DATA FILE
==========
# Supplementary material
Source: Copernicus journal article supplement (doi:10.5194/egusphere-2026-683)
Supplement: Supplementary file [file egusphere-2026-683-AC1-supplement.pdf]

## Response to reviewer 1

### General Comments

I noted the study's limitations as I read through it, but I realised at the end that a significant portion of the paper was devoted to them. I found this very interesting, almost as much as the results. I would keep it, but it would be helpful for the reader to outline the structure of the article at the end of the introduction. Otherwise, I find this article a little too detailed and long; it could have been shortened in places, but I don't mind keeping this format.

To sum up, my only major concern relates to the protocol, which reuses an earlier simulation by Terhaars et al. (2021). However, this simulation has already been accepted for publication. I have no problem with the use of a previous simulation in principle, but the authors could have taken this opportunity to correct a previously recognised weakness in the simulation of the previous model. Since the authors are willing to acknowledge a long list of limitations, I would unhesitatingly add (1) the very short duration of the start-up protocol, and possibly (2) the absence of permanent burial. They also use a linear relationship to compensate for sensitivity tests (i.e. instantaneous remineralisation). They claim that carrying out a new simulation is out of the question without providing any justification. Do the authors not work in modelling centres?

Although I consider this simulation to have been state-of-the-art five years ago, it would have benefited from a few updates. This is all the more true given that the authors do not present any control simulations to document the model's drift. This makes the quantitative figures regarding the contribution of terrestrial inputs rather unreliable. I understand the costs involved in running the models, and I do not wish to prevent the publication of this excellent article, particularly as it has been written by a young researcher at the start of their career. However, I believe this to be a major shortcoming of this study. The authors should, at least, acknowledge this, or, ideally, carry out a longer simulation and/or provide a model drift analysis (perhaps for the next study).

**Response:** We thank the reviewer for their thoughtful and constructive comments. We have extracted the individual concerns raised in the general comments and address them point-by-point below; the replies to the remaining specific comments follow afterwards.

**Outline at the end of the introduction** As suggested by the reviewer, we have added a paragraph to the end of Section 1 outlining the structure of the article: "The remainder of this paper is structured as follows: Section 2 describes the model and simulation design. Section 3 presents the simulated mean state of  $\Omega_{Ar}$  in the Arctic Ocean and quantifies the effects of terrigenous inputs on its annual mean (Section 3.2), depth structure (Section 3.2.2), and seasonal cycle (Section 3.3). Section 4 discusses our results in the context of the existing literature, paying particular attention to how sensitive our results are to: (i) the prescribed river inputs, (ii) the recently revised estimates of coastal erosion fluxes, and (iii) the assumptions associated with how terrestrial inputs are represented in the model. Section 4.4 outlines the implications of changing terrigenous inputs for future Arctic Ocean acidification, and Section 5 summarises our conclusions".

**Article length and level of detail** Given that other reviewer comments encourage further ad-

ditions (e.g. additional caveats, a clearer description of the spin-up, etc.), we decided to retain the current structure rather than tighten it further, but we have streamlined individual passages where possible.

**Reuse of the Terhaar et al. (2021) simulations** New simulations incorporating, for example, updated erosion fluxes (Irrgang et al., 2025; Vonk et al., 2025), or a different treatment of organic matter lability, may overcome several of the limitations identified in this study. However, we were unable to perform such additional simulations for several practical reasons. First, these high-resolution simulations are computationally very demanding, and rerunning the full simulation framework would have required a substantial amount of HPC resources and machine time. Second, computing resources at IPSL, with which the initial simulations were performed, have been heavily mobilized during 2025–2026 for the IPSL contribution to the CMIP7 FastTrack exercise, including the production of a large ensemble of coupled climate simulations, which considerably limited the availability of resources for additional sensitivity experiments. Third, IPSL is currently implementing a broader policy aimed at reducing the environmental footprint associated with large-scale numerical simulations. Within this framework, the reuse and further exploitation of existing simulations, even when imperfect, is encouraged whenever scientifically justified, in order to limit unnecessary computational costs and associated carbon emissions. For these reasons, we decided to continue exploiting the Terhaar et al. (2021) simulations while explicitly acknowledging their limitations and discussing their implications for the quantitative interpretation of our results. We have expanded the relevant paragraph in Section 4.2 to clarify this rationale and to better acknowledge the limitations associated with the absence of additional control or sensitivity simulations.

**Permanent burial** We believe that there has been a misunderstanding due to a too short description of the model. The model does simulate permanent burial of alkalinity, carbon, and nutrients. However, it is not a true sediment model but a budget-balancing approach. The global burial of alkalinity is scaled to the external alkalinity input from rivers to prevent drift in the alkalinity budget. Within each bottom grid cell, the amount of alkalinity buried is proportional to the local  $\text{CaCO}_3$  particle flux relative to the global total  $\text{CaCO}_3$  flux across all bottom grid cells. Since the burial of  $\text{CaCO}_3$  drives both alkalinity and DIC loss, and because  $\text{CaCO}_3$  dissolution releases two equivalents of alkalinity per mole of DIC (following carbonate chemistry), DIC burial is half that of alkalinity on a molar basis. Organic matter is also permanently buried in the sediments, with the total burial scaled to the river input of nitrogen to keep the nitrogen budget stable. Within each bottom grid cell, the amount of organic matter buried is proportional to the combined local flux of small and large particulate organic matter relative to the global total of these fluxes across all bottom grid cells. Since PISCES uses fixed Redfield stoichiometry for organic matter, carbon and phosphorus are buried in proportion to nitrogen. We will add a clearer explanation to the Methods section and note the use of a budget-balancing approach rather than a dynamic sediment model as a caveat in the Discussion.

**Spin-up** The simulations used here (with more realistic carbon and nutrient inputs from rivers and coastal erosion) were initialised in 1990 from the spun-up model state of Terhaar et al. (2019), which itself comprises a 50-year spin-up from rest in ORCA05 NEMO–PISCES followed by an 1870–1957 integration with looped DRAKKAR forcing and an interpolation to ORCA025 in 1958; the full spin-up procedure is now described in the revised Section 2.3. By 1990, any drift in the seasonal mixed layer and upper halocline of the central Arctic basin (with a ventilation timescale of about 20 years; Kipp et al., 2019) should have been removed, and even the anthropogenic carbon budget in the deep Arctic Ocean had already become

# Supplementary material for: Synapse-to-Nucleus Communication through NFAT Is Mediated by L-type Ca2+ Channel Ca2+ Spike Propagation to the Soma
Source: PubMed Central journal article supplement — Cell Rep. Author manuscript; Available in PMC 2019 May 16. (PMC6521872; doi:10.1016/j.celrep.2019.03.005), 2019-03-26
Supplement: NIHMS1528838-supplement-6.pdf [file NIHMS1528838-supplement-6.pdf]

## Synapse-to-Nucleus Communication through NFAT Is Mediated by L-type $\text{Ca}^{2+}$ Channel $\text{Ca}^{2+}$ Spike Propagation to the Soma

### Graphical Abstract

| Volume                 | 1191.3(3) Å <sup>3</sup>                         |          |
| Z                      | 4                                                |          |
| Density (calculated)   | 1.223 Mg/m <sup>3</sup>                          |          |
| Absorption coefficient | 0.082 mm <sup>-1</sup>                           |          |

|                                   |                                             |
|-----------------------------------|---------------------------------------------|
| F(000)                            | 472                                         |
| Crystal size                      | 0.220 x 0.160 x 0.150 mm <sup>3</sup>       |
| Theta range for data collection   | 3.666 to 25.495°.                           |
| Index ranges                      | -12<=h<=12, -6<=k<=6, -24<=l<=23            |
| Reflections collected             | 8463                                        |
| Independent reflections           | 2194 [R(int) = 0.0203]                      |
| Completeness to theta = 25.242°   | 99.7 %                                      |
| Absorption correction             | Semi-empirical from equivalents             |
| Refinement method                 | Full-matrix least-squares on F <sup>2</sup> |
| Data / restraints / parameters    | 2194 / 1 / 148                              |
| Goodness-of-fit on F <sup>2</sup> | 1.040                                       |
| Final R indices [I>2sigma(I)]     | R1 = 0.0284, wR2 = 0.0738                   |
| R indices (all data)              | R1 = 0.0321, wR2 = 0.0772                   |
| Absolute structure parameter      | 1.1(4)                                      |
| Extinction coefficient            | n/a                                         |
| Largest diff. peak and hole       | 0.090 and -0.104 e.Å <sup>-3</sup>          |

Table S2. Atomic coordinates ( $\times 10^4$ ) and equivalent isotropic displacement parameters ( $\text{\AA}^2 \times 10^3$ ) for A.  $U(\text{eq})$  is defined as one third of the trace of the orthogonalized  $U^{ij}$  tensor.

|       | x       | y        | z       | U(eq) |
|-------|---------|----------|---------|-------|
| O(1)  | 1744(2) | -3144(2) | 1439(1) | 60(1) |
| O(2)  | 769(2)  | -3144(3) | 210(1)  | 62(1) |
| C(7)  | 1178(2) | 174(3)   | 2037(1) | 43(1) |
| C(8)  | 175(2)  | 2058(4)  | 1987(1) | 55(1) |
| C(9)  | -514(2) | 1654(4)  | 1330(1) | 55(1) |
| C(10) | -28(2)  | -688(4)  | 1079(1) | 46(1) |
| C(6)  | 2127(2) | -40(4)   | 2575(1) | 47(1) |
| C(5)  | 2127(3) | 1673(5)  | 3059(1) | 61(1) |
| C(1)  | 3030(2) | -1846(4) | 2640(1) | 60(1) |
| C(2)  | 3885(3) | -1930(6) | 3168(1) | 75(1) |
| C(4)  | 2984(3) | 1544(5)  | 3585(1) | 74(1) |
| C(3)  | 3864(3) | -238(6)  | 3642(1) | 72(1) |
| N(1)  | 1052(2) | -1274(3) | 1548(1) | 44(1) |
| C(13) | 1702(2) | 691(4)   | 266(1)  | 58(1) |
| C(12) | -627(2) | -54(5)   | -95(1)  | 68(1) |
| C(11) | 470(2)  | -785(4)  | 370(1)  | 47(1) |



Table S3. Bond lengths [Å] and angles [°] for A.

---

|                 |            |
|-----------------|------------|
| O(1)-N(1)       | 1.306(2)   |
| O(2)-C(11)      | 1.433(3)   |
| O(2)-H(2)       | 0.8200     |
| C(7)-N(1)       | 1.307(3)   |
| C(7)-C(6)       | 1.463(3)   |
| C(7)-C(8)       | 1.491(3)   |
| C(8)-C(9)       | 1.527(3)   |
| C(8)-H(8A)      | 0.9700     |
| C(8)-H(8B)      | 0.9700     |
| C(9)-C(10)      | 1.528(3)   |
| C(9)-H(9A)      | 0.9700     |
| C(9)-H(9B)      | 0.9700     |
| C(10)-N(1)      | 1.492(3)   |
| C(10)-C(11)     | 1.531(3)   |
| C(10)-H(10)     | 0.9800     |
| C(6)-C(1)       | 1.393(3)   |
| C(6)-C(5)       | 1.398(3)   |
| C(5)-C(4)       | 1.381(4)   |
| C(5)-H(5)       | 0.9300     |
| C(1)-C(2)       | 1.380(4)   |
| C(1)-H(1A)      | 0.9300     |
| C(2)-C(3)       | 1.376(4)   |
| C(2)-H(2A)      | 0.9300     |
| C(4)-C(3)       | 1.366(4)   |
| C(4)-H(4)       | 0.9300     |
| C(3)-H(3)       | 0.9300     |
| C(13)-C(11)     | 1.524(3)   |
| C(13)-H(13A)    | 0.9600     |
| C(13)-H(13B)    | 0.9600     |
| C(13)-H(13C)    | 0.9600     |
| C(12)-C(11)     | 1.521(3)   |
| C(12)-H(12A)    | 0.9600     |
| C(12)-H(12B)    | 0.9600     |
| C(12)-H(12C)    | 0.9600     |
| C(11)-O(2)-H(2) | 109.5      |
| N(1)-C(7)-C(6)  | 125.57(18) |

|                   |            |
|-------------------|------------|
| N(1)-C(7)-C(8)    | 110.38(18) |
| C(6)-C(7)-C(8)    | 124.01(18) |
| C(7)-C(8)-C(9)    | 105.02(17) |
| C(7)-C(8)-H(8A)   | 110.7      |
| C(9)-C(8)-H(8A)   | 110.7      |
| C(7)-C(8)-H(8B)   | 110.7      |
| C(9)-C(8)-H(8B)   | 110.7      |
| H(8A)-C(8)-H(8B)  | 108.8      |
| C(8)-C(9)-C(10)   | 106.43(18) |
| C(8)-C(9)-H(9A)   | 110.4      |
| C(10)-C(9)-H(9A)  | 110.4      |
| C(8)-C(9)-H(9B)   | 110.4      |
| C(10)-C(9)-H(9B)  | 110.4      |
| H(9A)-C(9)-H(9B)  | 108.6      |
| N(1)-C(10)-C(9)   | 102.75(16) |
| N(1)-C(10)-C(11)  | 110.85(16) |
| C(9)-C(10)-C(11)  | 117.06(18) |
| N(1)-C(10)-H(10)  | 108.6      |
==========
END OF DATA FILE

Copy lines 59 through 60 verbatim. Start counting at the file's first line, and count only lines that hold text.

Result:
| C(13) | 1702(2) | 691(4)   | 266(1)  | 58(1) |
| C(12) | -627(2) | -54(5)   | -95(1)  | 68(1) |